When Jimmie Johnson speeds past a checkered flag, Robbie Loomis's emotions are never as simple as black and white.

Loomis, the crew chief for Johnson's teammate and close friend Jeff Gordon, will congratulate his buddies on Johnson's crew while nursing his own disappointment, unsure whether to rejoice or mope.

"For me, it's like my brother just got married, and I'm happy for him, but it's like I'm going through a divorce at the same time," Loomis explained.

There have been more than enough celebrations to go around this year for Loomis and his co-workers at Hendrick Motorsports, a trend that might well continue at Saturday's Pepsi 400. Gordon will sit on the pole, and despite Johnson's sub-par qualifying effort Thursday night, he boasts the best average finish of any active driver at Daytona.

Of course, the two Californians -- who have commandeered NASCAR's top circuit for much of the season -- flirt with the lead virtually every week, on every type of track.

Johnson tops the Nextel Cup standings, while Gordon -- his mentor and a part-owner of his car -- is fourth. Johnson has the most top 10 finishes of any driver (12 in 16 races), while Gordon is tied for second with 11. Even with a brief run of poor finishes by Gordon, the duo has claimed three of the past five races and four of the past six poles, leading more than half of the 1,310 laps run in that span.

"It makes it look like we're cheating," admitted Brian Whitesell, the team manager for both drivers. "Right now, we've got about all our areas clicking, and when you're doing that it looks like you've found something you shouldn't have found."

What the teammates have discovered is that rivalries can be dusted off for four hours a week, and then packed away like another air wrench or lug nut.

Johnson's and Gordon's uniquely entwined teams, which operate under one roof in suburban Charlotte, are more jumbled than the biggest Daytona pileup. Johnson crew chief Chad Knaus walks past Loomis's adjoining office on his way to the shop. Loomis passes Knaus's office on his way to the restroom. The two talk 10 or 15 times a day, discussing "absolutely everything, I'm serious, absolutely everything" about their cars, Knaus said.

Gordon and Johnson -- both trim and dark-haired, both nearly always shielded by sunglasses -- are as close as their crew chiefs. They've gone scuba diving together, have traveled to a Formula One race in Spain, spent New Year's Eve together. Last month, the two drivers, along with Knaus, Whitesell and several other team employees, snuck away during a race weekend in Michigan to attend Formula One qualifying in Indianapolis.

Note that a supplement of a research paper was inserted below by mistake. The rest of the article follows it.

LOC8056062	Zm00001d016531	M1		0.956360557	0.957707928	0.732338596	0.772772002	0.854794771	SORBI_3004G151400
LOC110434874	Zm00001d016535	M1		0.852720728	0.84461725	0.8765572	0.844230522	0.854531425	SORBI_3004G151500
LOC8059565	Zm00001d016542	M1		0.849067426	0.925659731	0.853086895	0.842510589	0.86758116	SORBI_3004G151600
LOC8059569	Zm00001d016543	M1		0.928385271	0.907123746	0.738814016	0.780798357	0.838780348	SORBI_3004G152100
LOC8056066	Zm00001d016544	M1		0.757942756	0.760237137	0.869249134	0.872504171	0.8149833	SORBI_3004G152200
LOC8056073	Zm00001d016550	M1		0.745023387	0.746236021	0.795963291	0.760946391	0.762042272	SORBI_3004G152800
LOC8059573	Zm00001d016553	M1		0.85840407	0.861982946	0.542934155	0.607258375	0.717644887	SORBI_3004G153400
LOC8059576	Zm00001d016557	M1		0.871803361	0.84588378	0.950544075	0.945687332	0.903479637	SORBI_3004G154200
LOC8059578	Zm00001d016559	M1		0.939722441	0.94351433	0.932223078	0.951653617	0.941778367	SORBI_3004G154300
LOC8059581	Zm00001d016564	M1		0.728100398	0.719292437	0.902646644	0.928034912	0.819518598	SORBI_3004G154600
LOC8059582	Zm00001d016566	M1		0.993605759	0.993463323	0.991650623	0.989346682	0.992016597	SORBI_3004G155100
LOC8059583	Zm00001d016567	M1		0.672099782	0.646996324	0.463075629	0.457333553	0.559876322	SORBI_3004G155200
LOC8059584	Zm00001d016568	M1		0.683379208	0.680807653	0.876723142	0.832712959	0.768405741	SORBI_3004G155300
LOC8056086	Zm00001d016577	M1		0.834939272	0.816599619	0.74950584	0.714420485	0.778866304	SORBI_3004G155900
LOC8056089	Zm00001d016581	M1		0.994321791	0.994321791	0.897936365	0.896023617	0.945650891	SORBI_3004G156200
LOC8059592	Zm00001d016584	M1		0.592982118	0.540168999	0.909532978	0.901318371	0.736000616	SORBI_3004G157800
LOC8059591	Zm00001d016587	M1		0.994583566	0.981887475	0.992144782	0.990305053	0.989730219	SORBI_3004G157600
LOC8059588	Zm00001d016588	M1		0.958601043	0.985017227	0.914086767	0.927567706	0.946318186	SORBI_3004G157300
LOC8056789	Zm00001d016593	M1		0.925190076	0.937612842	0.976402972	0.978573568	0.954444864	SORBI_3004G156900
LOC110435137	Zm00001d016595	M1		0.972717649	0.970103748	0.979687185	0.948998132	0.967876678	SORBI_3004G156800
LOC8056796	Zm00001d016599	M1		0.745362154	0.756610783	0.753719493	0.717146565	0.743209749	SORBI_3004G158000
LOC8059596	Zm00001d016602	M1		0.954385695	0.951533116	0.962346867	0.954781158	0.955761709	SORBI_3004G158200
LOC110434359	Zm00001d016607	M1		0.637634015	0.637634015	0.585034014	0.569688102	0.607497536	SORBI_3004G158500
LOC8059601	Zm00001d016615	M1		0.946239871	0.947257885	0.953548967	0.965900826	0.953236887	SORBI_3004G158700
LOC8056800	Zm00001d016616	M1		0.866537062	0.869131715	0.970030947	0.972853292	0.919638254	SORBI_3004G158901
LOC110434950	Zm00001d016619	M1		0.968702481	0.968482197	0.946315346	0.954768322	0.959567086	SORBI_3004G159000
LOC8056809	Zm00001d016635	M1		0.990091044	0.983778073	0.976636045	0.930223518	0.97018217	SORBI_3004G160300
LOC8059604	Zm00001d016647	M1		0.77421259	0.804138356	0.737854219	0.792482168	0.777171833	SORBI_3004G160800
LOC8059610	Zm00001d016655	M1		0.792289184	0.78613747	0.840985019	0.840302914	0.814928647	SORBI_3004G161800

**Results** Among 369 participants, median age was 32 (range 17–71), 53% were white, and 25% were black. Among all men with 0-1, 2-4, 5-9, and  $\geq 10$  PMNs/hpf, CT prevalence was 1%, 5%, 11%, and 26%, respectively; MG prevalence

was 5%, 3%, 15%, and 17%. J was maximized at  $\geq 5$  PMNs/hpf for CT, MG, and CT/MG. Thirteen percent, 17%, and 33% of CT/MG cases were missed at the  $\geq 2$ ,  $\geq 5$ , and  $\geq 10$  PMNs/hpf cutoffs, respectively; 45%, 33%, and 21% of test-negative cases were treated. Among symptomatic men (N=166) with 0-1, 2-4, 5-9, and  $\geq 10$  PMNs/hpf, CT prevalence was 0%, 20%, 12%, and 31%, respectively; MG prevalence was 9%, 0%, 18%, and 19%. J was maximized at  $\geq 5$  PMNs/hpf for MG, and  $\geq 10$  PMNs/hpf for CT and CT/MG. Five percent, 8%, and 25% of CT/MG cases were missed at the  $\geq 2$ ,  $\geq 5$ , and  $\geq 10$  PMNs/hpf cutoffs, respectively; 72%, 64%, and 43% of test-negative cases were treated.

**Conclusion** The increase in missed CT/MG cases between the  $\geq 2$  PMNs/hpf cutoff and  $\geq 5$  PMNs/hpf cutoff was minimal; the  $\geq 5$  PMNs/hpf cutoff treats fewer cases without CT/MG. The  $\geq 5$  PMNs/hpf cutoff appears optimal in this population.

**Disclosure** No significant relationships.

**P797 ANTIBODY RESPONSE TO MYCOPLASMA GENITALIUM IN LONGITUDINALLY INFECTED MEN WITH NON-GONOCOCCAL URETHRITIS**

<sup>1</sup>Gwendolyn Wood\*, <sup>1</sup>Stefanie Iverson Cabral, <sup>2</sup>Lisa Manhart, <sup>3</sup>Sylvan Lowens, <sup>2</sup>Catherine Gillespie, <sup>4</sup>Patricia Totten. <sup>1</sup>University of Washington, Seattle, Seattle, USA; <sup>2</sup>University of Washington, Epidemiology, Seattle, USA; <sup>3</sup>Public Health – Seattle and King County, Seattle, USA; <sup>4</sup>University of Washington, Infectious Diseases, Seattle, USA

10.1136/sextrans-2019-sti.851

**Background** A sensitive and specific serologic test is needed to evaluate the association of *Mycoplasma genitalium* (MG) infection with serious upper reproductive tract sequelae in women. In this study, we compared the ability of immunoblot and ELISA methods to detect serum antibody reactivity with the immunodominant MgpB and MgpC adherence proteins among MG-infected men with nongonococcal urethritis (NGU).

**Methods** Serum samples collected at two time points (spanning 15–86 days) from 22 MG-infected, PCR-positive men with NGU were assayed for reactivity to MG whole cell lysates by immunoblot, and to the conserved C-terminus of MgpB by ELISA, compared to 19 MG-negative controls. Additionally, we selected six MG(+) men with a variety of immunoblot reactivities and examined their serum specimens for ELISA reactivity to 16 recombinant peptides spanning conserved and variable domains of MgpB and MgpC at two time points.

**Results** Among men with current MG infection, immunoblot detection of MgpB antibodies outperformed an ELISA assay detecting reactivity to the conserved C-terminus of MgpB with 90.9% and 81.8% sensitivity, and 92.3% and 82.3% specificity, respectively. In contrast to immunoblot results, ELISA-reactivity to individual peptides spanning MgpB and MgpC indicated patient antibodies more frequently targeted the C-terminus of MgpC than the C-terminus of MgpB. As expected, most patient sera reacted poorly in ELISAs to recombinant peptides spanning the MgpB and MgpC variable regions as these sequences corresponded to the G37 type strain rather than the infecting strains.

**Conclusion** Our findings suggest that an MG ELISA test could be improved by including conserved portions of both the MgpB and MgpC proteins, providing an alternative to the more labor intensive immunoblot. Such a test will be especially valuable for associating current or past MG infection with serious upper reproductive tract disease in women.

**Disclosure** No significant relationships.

The relationship is "better than we'd ever perhaps dreamed going in," said Hendrick Competition Director Ken Howes, who was there in 2002 when Johnson's rookie team sprouted out of Gordon's 2001 championship squad.

After practice rounds, the drivers exchange tips; during the week, they meet for meals.

"I don't think anyone can truly understand how much they talk," said Knaus, himself a former Gordon crew member.

Such connections percolate throughout the pair's 70-person staff. During the week, most of their employees work on both drivers' cars while wearing generic Hendrick Motorsports shirts, affixed with the logos of Lowe's (Johnson's primary sponsor) and DuPont (Gordon's).

The crew members share airplanes, hotels and dinners. They golf together, play video games together, lounge by the pool together. Crew members earn identical incentives and bonuses if either car finishes in victory lane. They swap every hint or idea, every latest part, accepting that "for the better of the team, I won't have this widget this week," Knaus said.

Johnson takes the track knowing "that Jeff Gordon's driving the same car, the same setup, the same stuff," a feeling by no means universal among NASCAR teammates. Disaffected Roush Racing driver Greg Biffle groused this spring that some of his teammates were benefiting from superior equipment, a complaint that would be laughable in the Hendrick garage, employees said. Knaus, to prove the point, produced computer printouts detailing the specifications of every Hendrick car.

"Even if you wanted to hide something from the other team, it's right there in front of them," Whitesell said.

So when Gordon was recently plagued by several bad finishes -- being nudged into the wall in Dover, Del., and blowing his engine in Michigan -- it tempered Johnson's enthusiasm at moving into the series points lead, even as some commentators suggested he had eclipsed his teacher.

"You hate to see your teammates have bad luck happen to them," Johnson said. "When you've been racing a while you understand that it comes in cycles, it's nothing you can predict. He just had some freak things happen."

Gordon concurred, adding that he was still able to enjoy Johnson's accomplishments, proud of his protege and excited that a nearly identical car was running so smoothly.

Since Johnson's team was formed, neither driver has finished out of the top five in the year-end standings, but neither has won a Cup championship. With NASCAR's new 10-race shootout positioning both as legitimate contenders this year, the teams' close-knit relationship will face a new test. Several Hendrick employees predicted that an imaginary line might emerge in the garage, with information not flowing quite as freely if a championship is up for grabs.

"It will be interesting," Gordon acknowledged with a smile. "I'd love to see it come down to the two of us, but it will be interesting to see how that works."